|City of China|
|•||Established||3 July 1921|
|•||Disestablished||16 May 1949|
|Today part of||Part of Wuhan (Jiang'an, Jianghan, & Qiaokou)|
Hankou (simplified Chinese: 汉口; traditional Chinese: 漢口; pinyin: Hànkǒu), formerly romanized as Hankow (Hangkow), was one of the three towns (the other two were Wuchang and Hanyang) whose merging formed modern-day Wuhan city, the capital of the Hubei province, China. It stands north of the Han and Yangtze Rivers where the Han flows into the Yangtze. Hankou is connected by bridges to its triplet sister towns Hanyang (between Han and Yangtze) and Wuchang (on the south side of the Yangtze).
The city's name literally means "Mouth of the Han", from its position at the confluence of the Han with the Yangtze River. The name appears in a Tang Dynasty poem by Liu Changqing. Other historical names for the city include Xiakou (夏口), Miankou (沔口), and Lukou (鲁口).
Hankou, from the Ming to late Qing, was under the administration of the local government in Hanyang, although it was already one of the four major national markets (zh:四大名镇) in Ming dynasty. It was not until 1899 that Zhang Zhidong decided to separate Hankou from Hanyang. Hankou was then divided into four districts, which are Juren, Youyi, Xunli, and Dazhi. Some of the names can still be found in modern-day Wuhan, where there are geographical names such as Xunlimen, Jurenmen, and Dazhimen.
In 1926, Hankou was officially established as a city, where its municipal government was built in Jianghan district. In the same year, the Northern Expedition reached Hankou, and merged Hankou with adjacent Wuchang and Hanyang to make it the seat of the national capital, Wuhan. But in 1927, when Nanjing succeeded in the fight to be the national capital, Wuhan was returned to its original form, with Hankou being again a city by itself. This time Hankou was established as a "Special Municipality," which resembles a direct-controlled municipality in present day. Before 1949, Hankou has shifted between being a special municipality and a provincial city. In 1949, Hankou was finally merged with Hanyang and Wuchang to become Wuhan, when the communists arrived in Hankou on May 16.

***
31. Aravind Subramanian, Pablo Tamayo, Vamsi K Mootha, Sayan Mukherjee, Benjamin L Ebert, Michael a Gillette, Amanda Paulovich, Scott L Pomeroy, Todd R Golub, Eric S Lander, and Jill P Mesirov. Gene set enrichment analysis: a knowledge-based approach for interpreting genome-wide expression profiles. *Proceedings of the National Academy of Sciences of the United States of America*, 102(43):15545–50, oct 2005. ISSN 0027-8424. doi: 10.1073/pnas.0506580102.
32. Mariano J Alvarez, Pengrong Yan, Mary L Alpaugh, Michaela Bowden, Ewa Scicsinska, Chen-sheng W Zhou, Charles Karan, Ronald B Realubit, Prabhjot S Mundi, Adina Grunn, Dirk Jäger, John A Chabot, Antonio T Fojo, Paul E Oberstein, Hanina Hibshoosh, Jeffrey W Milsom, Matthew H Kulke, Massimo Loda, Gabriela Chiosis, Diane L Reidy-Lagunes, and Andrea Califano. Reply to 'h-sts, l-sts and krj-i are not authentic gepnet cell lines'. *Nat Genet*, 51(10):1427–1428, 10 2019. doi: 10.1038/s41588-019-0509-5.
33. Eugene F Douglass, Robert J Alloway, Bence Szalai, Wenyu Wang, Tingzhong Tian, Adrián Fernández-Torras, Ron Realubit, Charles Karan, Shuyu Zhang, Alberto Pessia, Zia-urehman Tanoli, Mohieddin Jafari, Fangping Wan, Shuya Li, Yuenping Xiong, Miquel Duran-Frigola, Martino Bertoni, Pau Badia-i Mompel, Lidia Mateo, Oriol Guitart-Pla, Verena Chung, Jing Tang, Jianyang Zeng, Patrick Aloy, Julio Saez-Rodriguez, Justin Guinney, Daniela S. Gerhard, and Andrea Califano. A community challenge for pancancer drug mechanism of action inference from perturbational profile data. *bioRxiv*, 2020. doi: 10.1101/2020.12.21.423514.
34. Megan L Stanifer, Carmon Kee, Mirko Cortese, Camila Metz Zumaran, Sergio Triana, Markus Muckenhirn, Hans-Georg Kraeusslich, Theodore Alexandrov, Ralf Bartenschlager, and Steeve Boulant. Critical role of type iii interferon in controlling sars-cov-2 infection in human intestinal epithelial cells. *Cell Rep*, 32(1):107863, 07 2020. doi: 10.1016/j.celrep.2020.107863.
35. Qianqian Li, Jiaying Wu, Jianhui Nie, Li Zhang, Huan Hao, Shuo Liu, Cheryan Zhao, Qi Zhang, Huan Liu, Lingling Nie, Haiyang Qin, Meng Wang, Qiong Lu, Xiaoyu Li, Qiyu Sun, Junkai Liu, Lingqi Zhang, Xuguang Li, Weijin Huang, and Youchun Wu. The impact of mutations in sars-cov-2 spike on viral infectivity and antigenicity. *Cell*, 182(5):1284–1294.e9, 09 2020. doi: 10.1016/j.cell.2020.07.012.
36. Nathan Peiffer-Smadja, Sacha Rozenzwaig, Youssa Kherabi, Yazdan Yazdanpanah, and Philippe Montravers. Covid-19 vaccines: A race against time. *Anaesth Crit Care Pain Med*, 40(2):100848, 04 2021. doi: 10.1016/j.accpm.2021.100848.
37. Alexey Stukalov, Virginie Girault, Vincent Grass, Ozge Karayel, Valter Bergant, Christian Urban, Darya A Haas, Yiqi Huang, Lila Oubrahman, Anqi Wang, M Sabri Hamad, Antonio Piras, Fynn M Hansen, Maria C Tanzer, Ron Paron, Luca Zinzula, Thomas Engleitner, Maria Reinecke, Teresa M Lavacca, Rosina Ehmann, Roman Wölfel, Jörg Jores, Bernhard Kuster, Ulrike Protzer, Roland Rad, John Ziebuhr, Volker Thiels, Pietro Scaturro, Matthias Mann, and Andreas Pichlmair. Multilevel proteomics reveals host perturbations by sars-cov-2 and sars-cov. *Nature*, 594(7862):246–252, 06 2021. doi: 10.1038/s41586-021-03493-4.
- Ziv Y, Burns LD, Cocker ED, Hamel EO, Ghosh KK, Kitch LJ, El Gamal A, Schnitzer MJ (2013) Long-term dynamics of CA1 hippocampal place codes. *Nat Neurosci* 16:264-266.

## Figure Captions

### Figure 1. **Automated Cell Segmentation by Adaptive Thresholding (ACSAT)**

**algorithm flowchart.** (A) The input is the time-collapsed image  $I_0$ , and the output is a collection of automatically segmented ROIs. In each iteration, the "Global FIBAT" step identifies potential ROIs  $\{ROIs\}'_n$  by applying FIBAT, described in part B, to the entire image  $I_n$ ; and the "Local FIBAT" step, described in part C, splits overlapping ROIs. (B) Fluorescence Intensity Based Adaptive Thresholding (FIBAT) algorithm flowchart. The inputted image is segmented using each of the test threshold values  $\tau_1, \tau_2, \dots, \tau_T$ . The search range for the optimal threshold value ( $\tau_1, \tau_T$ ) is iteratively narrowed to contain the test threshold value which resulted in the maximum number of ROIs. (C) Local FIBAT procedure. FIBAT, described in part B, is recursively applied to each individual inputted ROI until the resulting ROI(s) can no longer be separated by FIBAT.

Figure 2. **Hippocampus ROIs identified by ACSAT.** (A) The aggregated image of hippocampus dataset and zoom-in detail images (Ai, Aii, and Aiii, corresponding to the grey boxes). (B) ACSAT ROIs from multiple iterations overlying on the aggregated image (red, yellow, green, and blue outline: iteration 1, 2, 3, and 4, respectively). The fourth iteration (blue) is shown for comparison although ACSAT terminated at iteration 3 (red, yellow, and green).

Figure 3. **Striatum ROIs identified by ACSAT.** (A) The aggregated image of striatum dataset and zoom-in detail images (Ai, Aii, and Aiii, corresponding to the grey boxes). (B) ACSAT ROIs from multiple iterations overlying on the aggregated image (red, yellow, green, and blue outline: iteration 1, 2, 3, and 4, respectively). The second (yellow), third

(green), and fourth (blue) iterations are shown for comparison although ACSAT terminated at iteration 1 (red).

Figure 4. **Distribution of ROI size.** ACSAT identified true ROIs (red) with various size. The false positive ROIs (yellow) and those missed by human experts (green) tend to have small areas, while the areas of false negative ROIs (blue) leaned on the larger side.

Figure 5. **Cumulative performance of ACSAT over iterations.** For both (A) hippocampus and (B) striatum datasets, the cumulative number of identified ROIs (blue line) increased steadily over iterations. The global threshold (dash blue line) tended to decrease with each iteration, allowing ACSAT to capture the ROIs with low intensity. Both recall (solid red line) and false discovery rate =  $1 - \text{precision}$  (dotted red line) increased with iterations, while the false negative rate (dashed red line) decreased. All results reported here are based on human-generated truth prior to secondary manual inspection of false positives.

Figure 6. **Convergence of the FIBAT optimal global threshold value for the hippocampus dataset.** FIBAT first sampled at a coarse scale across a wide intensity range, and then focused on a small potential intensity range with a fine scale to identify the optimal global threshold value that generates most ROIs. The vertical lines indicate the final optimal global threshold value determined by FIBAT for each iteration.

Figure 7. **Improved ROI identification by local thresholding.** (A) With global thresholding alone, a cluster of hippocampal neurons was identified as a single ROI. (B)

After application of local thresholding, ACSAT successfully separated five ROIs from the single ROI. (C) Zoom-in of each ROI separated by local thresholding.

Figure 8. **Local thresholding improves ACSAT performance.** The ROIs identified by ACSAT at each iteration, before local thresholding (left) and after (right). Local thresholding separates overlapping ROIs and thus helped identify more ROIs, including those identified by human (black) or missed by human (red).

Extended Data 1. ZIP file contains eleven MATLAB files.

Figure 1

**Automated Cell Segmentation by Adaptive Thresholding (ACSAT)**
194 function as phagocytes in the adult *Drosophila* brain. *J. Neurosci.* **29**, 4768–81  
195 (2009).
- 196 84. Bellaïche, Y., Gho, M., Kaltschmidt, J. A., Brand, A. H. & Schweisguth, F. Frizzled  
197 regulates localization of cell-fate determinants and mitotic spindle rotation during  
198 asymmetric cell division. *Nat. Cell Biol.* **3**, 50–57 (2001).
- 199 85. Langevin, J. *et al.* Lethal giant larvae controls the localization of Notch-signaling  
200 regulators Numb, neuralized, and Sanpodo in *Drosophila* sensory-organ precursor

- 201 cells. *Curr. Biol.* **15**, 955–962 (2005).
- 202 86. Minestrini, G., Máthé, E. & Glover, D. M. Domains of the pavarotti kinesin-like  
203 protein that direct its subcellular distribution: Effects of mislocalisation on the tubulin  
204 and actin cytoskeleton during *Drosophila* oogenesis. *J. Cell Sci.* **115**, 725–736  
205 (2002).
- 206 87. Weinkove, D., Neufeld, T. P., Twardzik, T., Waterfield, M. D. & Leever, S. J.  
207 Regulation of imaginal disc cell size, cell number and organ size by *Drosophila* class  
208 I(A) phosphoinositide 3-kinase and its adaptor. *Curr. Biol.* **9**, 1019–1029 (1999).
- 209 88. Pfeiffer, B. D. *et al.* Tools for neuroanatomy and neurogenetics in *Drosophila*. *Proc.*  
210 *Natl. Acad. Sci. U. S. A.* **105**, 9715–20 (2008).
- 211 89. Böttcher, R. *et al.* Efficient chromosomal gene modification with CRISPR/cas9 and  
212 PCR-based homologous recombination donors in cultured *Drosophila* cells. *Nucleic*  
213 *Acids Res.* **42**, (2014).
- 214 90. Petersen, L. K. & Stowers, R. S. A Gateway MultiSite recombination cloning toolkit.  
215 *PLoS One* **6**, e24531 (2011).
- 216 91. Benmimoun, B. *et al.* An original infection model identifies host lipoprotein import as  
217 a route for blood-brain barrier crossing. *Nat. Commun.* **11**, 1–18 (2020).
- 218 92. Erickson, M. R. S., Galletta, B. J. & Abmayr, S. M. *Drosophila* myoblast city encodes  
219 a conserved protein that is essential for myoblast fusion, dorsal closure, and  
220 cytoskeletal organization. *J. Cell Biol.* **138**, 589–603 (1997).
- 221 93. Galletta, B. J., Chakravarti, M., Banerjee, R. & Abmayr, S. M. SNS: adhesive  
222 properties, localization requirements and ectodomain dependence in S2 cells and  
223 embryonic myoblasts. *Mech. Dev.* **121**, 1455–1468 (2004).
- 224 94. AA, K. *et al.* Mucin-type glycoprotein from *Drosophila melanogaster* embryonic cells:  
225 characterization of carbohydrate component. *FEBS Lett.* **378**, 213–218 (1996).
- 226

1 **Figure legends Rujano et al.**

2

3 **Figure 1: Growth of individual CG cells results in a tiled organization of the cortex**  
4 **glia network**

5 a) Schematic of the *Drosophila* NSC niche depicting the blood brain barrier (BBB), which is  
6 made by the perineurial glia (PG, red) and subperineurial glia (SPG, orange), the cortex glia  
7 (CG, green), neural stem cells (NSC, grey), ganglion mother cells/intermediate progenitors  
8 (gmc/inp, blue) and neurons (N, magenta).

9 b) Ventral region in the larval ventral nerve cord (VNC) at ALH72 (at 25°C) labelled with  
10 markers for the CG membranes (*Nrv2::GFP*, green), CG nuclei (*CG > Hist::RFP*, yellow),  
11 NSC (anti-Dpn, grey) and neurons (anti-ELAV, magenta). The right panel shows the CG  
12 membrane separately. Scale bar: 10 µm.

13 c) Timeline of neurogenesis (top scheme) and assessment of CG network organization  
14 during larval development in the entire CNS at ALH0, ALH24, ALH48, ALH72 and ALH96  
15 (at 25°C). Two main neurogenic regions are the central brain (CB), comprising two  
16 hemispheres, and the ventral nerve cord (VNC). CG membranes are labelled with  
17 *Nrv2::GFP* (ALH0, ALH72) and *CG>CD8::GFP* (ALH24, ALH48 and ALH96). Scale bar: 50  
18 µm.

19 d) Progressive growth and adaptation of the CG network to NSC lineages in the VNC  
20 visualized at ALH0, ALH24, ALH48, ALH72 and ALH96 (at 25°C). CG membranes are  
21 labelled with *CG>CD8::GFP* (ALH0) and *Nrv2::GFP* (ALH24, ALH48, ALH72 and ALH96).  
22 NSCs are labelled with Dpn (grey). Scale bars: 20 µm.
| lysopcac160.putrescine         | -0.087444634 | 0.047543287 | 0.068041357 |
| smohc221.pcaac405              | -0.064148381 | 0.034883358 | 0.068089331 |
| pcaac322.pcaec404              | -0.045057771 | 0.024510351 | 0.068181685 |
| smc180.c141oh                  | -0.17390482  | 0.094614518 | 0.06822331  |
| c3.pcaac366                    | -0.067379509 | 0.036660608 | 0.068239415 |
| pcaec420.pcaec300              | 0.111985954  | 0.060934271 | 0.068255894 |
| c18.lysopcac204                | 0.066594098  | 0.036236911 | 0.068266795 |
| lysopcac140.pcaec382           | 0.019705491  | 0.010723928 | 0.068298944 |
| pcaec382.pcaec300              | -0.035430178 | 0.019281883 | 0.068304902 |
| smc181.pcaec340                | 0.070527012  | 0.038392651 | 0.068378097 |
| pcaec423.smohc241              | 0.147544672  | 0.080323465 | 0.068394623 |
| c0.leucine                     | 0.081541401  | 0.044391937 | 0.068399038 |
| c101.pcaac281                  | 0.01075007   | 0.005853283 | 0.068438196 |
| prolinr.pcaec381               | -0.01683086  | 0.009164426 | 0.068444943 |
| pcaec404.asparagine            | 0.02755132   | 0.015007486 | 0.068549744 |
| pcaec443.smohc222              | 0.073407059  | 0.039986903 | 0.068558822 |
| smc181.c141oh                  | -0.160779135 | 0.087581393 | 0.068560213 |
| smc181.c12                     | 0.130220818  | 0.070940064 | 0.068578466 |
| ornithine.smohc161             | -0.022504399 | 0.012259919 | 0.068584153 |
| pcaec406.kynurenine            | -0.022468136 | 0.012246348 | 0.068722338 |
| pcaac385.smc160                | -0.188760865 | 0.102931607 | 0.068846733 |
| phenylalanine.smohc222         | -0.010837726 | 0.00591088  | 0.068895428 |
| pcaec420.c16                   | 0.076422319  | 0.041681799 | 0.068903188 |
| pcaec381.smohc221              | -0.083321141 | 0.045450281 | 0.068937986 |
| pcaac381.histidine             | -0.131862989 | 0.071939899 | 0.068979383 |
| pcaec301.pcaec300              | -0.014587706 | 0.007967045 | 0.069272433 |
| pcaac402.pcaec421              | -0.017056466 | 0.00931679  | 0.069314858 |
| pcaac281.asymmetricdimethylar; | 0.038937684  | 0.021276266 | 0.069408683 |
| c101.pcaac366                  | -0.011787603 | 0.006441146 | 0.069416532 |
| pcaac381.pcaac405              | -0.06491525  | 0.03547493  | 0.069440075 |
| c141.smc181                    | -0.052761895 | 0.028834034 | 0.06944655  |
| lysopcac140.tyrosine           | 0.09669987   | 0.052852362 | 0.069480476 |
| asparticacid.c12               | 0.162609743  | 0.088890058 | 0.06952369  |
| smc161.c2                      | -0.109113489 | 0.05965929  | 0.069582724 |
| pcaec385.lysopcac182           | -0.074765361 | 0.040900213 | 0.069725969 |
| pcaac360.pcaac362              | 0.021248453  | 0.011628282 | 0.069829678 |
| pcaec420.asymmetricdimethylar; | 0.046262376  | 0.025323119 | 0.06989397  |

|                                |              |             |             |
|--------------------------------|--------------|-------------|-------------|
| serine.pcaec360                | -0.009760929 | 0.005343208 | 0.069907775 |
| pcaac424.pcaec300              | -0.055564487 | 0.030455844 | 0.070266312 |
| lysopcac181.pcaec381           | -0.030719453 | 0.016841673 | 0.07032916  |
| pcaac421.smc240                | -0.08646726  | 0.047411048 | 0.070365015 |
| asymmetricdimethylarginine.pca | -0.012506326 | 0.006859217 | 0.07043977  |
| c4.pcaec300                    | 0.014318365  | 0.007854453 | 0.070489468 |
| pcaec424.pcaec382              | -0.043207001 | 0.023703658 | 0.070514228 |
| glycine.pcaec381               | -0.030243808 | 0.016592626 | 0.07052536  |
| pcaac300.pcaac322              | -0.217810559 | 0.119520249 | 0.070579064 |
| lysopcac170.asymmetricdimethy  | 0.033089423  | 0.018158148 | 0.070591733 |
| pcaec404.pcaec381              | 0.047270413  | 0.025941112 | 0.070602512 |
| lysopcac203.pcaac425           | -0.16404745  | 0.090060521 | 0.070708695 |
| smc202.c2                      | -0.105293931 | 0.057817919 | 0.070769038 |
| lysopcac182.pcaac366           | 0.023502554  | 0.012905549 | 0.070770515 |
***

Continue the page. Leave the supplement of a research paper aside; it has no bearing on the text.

Hankou was the destination on the escape route of groups of missionaries fleeing the Boxers in the Northern provinces around 1900. The flight of some missionaries from the T'ai-yüan massacre in Shan-si is recorded in the work A Thousand Miles of Miracle in China, by Reverend A E Glover, one of the fleeing missionaries.
On October 10, 1911, a revolution to establish the Republic of China and replace the Qing dynasty led to the involvement of Hankou in the struggle between Hubei revolutionary forces and the Qing army, led by Yuan Shikai. Although the revolution began in Wuchang with a revolt started by members of the New Army, revolutionaries quickly captured major strategic cities and towns throughout the province, including Hankou on October 12. The Qing Dynasty Army recaptured Hankou later, but as the revolution spread throughout China, eventually the town and the province came under control of the Republic of China.
Foreign concessions period
Hankou used to have five foreign concessions belonging to the United Kingdom (115 acres, est. 1862), France (60 acres, est. 1886), Russia (60 acres, est. 1886), Germany (100 acres, est. 1895) and Japan (32 acres, est. 1898). The German and Russian concessions ended in 1917 and 1920 respectively and those areas were administered by the Chinese government as the First and the Second Special Area.